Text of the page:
Page:Journal of a Voyage to Greenland, in the Year 1821.djvu/33

This page has been validated.



we met with many pieces of heavy[1] drift-ice; and soon after, a streak of light, resembling the dawning of approaching day, but without its redness, was visible in the air just above the horizon. This appearance which is termed an ice-blink, proceeds from an extensive space, or compact aggregation of ice, which occasions the rays of light, that strike its snowy surface, to be reflected into the superincumbent air, where they become visible; hence, when the ice-blink occurs under the most favourable circumstances, it affords to the eye, a beautiful and perfect map of the ice, twenty or thirty miles beyond the limit of direct vision, but more or less distinct, in proportion as the air is clear or hazy. The ice-blink not only shews the figure of the ice, but enables the experienced observer to judge, whether it, as thus pictured, be field or packed ice; if the latter, whether it be compact or open, bay or heavy ice. Field ice affords the most lucid blink, accompanied with a tinge of yellow; that of packed, is more purely white; and of bay ice, greyish. The land, on account of its snowy covering, likewise occasions a blink, which is yellowish, and not much unlike that produced by the field ice. The nearer we approached to the north, the more numerous were the pieces of ice, until the ocean was covered with them. The wind still blowing into the ice, and finding ourselves embayed,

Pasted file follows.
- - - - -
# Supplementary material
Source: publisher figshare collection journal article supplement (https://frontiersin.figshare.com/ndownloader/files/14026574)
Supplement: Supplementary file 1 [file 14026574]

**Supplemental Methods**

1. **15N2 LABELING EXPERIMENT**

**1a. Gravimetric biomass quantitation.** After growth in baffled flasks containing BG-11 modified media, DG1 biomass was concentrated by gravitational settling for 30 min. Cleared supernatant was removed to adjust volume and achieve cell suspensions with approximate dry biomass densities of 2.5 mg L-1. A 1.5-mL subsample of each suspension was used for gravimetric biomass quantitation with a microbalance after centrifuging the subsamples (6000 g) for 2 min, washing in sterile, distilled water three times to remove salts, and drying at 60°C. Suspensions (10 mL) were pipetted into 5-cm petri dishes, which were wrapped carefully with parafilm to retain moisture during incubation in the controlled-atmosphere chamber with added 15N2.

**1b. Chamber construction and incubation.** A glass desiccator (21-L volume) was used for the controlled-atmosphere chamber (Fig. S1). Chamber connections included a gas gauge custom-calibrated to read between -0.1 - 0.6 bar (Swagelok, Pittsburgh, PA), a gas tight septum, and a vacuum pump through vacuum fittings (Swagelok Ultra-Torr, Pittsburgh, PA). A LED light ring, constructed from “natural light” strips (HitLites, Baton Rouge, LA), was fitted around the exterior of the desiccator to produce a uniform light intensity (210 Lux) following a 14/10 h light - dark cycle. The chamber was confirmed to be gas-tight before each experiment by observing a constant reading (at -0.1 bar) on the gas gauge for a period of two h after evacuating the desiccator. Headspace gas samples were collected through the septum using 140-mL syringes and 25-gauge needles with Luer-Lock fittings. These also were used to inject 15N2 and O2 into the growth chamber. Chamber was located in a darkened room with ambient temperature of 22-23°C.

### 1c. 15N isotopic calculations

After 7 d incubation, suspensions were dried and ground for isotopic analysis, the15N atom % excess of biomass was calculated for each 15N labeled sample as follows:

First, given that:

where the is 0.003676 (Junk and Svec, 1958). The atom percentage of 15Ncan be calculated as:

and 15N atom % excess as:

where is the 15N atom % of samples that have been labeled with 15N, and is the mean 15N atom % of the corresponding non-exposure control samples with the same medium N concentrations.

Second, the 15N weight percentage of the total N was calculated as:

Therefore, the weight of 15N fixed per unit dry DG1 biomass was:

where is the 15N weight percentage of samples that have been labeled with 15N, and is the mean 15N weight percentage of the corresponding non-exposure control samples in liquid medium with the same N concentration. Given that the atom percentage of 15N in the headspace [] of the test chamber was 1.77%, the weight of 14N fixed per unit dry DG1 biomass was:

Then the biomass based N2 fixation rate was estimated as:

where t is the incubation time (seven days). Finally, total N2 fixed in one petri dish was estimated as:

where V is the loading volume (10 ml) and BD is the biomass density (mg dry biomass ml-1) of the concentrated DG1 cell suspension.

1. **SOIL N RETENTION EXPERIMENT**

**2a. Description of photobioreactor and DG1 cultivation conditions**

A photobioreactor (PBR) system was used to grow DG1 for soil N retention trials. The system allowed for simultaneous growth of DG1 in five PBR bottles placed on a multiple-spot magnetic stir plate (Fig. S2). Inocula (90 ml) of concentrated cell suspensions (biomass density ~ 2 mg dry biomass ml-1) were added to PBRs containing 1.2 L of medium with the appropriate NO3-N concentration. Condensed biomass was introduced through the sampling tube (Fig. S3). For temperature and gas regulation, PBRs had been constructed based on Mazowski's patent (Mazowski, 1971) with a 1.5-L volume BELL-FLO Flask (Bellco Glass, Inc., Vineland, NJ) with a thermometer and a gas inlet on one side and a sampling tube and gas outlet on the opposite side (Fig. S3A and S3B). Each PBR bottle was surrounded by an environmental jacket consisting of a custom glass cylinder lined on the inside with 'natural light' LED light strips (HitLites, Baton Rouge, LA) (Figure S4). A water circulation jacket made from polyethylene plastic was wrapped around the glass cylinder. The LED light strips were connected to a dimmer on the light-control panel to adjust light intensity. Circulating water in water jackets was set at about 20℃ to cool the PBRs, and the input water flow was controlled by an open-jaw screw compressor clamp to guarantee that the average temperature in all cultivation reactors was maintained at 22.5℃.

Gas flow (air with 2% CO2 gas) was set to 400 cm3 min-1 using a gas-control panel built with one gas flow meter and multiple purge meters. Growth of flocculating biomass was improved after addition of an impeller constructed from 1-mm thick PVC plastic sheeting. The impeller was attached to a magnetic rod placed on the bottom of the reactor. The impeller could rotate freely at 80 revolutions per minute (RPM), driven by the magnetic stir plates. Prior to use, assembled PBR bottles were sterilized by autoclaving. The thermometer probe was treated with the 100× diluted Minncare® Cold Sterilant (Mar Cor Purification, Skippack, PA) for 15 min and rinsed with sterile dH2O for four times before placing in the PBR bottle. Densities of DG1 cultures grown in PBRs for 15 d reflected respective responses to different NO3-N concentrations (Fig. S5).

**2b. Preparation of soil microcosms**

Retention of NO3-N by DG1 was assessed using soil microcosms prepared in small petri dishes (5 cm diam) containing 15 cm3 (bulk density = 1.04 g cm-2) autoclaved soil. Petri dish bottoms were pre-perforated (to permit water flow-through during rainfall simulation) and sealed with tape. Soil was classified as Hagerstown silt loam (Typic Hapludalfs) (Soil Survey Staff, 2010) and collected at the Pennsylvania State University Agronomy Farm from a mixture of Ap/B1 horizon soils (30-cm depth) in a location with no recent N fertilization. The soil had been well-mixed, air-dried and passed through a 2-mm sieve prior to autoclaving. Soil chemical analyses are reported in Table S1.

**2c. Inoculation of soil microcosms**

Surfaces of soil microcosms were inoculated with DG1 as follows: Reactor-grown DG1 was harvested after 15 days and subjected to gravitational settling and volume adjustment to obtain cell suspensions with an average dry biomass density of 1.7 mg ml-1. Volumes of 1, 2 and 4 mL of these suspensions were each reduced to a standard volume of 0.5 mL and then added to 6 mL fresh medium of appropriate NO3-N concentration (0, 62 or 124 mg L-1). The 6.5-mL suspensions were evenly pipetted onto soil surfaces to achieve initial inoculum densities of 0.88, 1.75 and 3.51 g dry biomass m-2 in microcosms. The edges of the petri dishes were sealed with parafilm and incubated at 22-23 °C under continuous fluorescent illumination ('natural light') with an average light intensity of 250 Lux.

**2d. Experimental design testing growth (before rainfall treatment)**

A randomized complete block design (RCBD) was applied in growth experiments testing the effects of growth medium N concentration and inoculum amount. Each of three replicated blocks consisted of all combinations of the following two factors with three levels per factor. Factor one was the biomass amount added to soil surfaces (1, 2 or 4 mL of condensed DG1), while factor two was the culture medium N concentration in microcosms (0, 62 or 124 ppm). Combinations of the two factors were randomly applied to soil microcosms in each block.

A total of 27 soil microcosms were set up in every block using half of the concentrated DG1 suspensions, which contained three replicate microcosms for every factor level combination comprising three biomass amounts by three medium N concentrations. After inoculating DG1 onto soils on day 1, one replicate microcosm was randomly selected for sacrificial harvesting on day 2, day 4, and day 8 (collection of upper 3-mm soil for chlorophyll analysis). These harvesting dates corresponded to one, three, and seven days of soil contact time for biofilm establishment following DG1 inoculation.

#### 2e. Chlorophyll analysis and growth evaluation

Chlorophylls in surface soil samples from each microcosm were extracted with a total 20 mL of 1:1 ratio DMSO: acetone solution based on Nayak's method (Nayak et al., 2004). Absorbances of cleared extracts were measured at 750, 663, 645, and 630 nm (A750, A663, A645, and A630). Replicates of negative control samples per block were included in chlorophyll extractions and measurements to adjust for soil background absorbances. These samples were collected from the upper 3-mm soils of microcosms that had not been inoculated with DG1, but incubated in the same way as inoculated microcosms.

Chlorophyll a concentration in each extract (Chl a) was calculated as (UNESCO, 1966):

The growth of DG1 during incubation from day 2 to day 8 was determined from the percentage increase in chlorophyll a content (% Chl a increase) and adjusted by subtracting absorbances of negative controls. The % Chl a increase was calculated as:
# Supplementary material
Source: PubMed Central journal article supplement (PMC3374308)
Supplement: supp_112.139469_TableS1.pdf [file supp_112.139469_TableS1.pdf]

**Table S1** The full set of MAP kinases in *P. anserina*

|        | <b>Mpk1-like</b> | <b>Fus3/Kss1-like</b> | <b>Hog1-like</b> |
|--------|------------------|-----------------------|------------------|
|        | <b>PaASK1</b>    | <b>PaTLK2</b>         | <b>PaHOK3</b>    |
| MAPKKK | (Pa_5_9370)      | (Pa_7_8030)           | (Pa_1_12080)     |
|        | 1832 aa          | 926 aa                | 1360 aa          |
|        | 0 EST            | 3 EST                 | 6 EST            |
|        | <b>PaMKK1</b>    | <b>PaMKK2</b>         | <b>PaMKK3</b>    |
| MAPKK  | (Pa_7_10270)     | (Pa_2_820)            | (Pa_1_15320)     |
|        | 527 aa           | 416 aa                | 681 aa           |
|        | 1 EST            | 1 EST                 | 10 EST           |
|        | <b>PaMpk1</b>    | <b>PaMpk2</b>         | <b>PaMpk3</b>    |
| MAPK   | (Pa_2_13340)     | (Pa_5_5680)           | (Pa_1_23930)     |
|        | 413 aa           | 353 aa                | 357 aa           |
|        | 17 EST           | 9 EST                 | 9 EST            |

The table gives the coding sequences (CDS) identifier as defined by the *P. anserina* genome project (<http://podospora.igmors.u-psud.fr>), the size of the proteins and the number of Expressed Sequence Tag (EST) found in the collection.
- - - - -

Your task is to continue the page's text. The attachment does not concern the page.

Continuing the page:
1. Pieces that are of a great depth in the water, and dangerous for a ship to strike.